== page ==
This blog is read by a wide audience around the world but is also targeted at our own teachers at St Andrew’s College. Occasionally, we post information that is not related directly to eLearning stories coming out of our College but would still prove useful to our teaching staff.
The conference ran between the 27th April and the 4th of May and was attended by 200 delegates from over 80 different countries with only five being selected from New Zealand to go. During the conference a number of inspirational Keynote messages were delivered that focused more on the possibilities of technology in the classroom than on immediate practical implementation for teachers.
The members of the Challenge Group Mr Hilliam worked with
Some of the “how” was covered in the breakout sessions which included workshops on specific programmes such as Office365, OneNote and Sway (a relatively new feature from Microsoft that is a web based visual presentation tool). Another activity was the Challenge Groups – Mr Hilliam was grouped with teachers from Sweden, Georgia, Korea and Columbia and they were tasked with creating a learning activity based around 21st century learning ideas. They then had to pitch this to a number of judges and present a schema for the learning.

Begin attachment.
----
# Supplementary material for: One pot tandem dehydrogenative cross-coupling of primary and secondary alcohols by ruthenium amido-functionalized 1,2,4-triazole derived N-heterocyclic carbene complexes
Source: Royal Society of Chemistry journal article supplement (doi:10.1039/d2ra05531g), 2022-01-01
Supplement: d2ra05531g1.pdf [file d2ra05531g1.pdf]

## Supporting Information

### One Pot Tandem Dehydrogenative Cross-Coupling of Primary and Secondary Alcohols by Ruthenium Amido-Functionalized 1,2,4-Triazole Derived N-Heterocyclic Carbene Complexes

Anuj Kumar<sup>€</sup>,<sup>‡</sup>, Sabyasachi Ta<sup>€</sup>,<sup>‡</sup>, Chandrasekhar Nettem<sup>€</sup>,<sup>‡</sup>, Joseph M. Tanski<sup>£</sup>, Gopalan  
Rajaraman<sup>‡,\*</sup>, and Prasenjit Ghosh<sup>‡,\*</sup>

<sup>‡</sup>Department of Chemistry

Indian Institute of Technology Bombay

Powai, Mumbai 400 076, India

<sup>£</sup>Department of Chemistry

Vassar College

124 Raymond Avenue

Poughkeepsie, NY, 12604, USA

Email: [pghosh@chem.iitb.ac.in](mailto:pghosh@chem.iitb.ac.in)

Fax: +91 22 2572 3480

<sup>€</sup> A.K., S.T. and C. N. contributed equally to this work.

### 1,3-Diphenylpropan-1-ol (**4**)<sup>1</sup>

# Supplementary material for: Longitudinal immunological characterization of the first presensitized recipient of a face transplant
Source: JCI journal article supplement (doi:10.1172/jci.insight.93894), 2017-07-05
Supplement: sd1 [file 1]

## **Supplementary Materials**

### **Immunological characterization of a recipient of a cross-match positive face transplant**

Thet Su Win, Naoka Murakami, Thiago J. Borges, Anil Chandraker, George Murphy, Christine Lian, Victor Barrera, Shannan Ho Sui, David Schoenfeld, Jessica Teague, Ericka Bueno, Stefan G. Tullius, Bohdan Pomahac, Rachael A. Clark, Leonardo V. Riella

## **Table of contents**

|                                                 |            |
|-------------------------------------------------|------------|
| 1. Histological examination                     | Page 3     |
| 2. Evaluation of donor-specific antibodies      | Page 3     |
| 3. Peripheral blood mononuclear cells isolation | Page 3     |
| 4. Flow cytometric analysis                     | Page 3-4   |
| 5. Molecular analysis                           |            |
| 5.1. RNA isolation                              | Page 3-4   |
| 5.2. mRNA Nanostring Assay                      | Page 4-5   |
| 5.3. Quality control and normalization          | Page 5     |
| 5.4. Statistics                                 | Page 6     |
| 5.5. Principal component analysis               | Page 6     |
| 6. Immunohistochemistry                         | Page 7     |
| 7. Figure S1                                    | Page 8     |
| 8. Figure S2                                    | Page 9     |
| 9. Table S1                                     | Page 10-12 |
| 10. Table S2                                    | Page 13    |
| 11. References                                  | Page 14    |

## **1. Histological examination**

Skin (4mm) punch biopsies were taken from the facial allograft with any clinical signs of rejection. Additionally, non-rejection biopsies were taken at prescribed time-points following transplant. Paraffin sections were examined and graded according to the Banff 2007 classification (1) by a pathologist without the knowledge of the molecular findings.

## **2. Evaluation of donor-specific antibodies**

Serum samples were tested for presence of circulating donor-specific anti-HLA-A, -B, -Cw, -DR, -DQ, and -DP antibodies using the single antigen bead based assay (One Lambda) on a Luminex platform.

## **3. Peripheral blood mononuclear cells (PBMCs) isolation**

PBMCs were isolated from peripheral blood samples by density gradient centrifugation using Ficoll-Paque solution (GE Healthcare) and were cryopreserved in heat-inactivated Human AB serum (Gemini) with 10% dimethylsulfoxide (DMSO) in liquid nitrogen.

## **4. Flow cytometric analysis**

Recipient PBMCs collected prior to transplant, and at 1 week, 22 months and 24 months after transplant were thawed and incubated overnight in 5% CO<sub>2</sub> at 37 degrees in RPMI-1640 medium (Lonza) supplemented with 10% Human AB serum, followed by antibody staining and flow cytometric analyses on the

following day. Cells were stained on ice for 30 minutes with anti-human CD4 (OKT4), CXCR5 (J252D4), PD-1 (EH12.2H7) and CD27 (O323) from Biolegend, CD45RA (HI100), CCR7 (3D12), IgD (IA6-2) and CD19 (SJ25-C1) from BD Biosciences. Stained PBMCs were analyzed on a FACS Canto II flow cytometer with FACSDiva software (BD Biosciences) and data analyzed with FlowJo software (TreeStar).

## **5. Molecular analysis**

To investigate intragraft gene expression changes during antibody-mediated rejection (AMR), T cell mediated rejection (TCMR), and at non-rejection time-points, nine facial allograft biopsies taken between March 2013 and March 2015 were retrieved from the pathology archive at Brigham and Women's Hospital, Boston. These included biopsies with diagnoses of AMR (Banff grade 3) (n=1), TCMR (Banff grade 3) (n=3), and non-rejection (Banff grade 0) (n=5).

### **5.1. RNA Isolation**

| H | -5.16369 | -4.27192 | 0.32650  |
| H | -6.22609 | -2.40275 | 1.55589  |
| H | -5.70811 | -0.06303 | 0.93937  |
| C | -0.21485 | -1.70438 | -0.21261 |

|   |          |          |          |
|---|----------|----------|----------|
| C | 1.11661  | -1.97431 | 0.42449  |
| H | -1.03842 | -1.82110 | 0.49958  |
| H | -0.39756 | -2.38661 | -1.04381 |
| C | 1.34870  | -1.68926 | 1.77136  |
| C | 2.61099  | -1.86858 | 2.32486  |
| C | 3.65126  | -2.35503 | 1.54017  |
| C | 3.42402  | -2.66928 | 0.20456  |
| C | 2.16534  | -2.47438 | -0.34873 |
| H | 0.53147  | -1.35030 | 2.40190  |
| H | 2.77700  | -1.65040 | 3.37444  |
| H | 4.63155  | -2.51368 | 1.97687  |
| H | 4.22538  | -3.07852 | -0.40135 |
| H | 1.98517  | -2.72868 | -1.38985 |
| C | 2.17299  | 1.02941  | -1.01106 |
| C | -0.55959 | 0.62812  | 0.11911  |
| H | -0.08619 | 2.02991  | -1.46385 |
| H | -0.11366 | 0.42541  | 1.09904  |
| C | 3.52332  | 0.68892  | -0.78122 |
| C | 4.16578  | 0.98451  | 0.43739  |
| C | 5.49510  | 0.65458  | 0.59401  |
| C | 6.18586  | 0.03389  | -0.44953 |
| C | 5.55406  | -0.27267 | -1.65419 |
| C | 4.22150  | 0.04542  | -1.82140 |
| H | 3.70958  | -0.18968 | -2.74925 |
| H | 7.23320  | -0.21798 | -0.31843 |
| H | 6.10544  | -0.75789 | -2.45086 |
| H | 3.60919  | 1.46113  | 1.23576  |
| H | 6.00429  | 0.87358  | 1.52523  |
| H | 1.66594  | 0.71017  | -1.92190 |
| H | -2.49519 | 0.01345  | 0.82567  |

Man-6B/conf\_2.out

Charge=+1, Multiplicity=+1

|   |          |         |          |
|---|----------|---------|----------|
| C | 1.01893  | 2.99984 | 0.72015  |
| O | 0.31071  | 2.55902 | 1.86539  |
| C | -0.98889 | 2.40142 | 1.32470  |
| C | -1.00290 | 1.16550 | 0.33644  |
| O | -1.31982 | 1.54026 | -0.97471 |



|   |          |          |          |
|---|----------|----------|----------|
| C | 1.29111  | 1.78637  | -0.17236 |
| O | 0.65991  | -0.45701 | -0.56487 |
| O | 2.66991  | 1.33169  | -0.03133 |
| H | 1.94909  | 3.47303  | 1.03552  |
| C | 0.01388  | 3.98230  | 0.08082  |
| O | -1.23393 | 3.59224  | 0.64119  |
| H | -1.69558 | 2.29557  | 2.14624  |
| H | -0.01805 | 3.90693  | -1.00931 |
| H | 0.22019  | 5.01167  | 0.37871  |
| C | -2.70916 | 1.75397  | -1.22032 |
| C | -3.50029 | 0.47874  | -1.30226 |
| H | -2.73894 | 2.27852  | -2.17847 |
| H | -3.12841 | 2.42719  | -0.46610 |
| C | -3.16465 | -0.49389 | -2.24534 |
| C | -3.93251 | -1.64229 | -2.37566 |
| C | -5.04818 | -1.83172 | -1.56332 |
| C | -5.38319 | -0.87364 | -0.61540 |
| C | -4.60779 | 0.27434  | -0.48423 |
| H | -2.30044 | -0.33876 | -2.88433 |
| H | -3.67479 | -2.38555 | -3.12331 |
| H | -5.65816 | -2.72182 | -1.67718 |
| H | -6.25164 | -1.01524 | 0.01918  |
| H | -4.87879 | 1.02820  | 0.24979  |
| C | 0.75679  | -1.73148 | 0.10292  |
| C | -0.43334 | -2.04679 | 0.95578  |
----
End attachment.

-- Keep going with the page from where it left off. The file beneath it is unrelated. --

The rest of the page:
Being the only native speaker of English in the group this was certainly a challenge and Mr Hilliam acknowledged the conference was likely to evolve over the coming years – 2015 being the inaugural event. I was interested in any observations he had gained in terms of how his teaching practice with technology, and indeed the wider staff at St Andrew’s College, compared to what was happening in other countries. He noted:
No one else there was flipping their classroom in maths in the way a number of our teachers are at St Andrew’s. There was a teacher of French Literature who was using OneNote similar to how Jac Yoder and the English Department are, in the sense that they were using audio recordings for feedback and directly annotating into the NoteBooks.